While I may work hard at projecting the image that flying is a mundane exercise that one must endure to get somewhere cool, there is still the 5-year-old girl in there somewhere who finds the process pretty glamorous and cosmopolitan. Have you seen “Catch Me if You Can”? If you haven’t, you have to. It captures the golden age of air travel like nothing I’ve ever seen. Everyone’s wearing a hat, and the ladies have scarves, heels, and red lipstick. Pilots are suave and revered and, as you will find out by watching this movie, can get away with anything. And going to the airport was a big deal.

I nonchalantly hook myself up to the airport wi-fi as if I do it every day, but in the inside I am high-fiving myself. I’m trying hard not to hop onto Facebook to update, “I’m at the airport! Me! At the airport!”  or “Guess who I just ran into at the airport!” or “Wow, the airport is crazy today!” 

John also looks nonchalant from the outside, but I think he feels that way for real. Like many of you, he has about a gazillion miles logged.  He’s traveled on one of the longest flights on Earth multiple times. (I said a gazillion for emphasis, but when I said one of the longest flights on Earth, I was being serious – JFK-Johannesburg.) As adept as I am at selecting, packing, and reading magazines, he’s actually honed the art of sitting and staring. He can actually just zone out for sport. When we climbed on board the short jaunt to San Diego however, his eyes lit up when he spotted a new issue of Sky Mall. He may have, under his breath, referred to it as his favorite periodical.

There are many of you who fit into this obscenely well-traveled category…who fly weekly or monthly, and to locales that I’ve never heard of. I know when it is such a regular part of your life, there is the inevitable drudgery of delays and cancellations and the person next to you who won’t stop talking (shockingly, that is NOT me – can you believe it? I am not an airplane talker!) The excitement must wear off, and you stop looking at everybody and wondering where they are going or where they have been. You probably have a favorite airport.

I do. Other than SFO, I would have to pick McCarran in Las Vegas and JFK in New York. Las Vegas purely for sociological research. This is the one airport on Earth where you can tell who is going and who is arriving just by looking at them; the faces full of hope and promise vs. the cloudy eyes that reflect defeat and a killer headache.

We landed in JFK on our first trip to New York. It smelled exactly how I imagined it to – It was utilitarian and kind of dirty and reminded me of that show Night Court that was on in the 80’s, and the old opening for Saturday Night Live where the city looked gritty, but exciting. Everybody at the baggage carousel seemed to be planted there for my benefit…the “Welcome to New York, F-you” package. The accents were almost as thick as the air, and I’ve never heard so much simultaneous swearing in my life. I tried to contain my traitorous giggle and keep my eyes down for they were surely full of wonder & delight and would quickly give me away as a non-New Yorker.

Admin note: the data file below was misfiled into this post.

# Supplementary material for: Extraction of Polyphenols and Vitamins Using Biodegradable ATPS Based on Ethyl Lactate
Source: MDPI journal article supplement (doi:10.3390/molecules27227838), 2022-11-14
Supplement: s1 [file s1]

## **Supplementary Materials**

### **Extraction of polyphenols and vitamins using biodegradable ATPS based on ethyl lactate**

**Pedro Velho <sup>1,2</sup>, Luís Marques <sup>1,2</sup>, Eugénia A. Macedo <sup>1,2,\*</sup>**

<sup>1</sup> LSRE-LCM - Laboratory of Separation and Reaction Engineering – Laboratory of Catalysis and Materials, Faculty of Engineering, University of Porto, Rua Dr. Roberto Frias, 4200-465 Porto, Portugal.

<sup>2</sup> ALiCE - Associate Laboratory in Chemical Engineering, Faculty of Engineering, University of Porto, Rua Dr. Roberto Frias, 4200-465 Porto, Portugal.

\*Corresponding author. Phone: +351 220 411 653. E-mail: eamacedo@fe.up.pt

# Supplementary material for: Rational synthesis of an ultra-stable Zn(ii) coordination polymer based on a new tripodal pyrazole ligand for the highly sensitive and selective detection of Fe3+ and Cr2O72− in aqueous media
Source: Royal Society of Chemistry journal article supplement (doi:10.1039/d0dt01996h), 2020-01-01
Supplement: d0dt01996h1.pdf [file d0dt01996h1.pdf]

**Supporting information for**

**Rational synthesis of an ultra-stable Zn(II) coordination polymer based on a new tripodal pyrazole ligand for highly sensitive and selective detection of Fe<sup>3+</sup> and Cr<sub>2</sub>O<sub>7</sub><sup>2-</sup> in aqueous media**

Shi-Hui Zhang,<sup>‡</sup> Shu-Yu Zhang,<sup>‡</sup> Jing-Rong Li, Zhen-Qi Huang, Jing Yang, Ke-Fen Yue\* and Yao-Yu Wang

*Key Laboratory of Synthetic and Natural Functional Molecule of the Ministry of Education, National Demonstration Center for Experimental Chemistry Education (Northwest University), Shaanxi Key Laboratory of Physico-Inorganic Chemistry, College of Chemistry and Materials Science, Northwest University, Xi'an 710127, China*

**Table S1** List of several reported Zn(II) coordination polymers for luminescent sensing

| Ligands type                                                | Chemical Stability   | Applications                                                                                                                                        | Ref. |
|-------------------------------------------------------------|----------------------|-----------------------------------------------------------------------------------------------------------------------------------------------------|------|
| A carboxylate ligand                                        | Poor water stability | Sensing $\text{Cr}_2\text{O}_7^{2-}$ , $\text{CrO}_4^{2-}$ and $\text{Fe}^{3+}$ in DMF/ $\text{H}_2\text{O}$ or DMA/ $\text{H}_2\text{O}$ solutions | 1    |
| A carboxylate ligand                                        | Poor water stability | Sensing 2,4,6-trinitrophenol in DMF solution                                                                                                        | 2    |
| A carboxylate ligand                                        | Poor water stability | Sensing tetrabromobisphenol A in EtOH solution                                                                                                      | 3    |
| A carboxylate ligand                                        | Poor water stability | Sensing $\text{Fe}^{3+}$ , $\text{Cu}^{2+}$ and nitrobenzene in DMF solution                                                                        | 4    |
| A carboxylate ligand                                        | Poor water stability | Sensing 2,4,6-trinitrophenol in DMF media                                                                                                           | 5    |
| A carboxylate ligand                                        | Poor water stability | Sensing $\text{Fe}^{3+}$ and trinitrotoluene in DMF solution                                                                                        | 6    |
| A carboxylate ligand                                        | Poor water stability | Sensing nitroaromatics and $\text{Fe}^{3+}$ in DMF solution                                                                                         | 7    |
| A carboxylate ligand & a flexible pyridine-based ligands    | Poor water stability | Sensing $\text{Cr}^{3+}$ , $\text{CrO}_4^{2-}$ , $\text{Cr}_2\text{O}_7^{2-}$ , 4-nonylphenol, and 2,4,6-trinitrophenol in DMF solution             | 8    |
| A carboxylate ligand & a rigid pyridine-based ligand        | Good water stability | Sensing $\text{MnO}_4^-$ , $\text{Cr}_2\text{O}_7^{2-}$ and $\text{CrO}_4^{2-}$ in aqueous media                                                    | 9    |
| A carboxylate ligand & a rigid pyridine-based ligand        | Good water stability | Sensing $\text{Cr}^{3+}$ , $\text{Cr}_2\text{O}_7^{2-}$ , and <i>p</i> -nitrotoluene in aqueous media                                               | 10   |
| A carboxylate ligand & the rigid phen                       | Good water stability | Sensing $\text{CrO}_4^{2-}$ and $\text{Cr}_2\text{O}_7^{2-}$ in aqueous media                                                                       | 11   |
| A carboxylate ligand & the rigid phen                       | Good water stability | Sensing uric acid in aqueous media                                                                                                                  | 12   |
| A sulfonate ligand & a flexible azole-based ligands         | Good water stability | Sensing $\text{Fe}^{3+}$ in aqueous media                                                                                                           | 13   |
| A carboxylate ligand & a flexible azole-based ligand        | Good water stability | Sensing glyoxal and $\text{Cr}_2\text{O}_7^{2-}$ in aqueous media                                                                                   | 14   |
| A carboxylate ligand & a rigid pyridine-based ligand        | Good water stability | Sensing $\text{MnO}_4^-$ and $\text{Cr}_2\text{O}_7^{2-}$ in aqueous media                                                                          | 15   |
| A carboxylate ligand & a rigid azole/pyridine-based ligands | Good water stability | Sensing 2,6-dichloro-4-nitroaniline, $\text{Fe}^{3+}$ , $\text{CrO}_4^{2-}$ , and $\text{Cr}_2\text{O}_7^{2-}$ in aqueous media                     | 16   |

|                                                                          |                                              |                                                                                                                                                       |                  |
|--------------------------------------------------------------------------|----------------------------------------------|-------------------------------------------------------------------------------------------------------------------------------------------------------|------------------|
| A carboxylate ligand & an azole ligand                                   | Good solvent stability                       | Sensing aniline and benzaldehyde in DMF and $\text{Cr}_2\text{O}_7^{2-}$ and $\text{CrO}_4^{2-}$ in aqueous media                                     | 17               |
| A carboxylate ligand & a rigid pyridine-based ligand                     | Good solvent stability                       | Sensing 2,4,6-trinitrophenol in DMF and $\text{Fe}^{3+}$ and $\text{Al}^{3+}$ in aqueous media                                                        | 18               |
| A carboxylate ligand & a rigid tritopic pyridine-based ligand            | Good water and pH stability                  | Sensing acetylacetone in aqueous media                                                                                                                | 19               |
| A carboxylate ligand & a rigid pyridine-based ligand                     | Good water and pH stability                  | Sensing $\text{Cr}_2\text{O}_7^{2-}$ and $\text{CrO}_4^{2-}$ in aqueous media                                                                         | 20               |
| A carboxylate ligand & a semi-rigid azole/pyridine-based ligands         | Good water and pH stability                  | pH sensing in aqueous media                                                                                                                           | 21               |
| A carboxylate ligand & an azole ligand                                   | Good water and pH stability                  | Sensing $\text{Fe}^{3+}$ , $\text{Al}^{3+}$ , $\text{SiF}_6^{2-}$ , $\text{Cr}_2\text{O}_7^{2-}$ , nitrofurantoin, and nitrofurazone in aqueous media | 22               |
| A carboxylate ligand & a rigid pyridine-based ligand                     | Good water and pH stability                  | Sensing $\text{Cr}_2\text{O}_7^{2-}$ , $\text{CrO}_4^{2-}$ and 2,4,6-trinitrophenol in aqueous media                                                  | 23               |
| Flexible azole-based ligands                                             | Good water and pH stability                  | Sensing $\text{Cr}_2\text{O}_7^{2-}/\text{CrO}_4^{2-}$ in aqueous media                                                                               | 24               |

The last time John was at JFK he and a handful of adults had to usher 55 kids through customs on the way to Africa and as the last one through he was stopped for the full search which caused him to sprint to the plane only to make it to his seat as the doors were closing. SFO-San Diego with just your wife and a carry-on may not hold the same sense of challenge and adventure. Unless your wife has $11 dollars worth of dimes, a built in belt, half a bottle of Aquafina and a knee brace.

The jet-setting feeling of air travel goes away though when you are standing barefoot, arms in the air above your head in the full body scanner machine. Having your full body scanned (or body fully scanned – I don’t know which is less disturbing) while a bunch of barefoot strangers watch, does not feel very glamorous after all.

persuasion

6 Oct

The boys want a dog. Like really bad. What boy doesn’t want a dog, I guess. And when I say boys, I mean all the males who live in my house. Here’s the hitch: they’ve teamed up, and I’m fearful they are using their collective cuteness and unparalleled persistence as their secret weapons.

Frankly, I don’t feel that I’m ready for a dog. Two human boys? Sure, I can handle that. Well, sometimes, I can handle that. But a dog? With fur and paws and stuff? I don’t know. Frankly, I don’t know how good of a job I’m doing right now with what I’m already responsible for.

I’ve been casually interviewing people on the street about how their lives have changed since the dog. It’s hair, and shoe chewing and “surprises” in the hallway. I saw Marmaduke this summer while we were on vacation in Las Vegas, which as it turns out, was the only redeeming quality of the movie. On top of it being a simply awful cinematic disaster, it did not help the boys’ argument for the dog. There was a lot of slobber, and passing gas, and the guy losing his job because of Marmaduke’s terrible terrible behavior (I hope I didn’t spoil any critical plot points.)

Of course, I’ve had a few people tell me it’s been the best, most wonderful thing that has happened to their family. John is consistently reminding me about those people. I turn around and cite the few souls who flat out told me, “don’t do it, just have another kid.”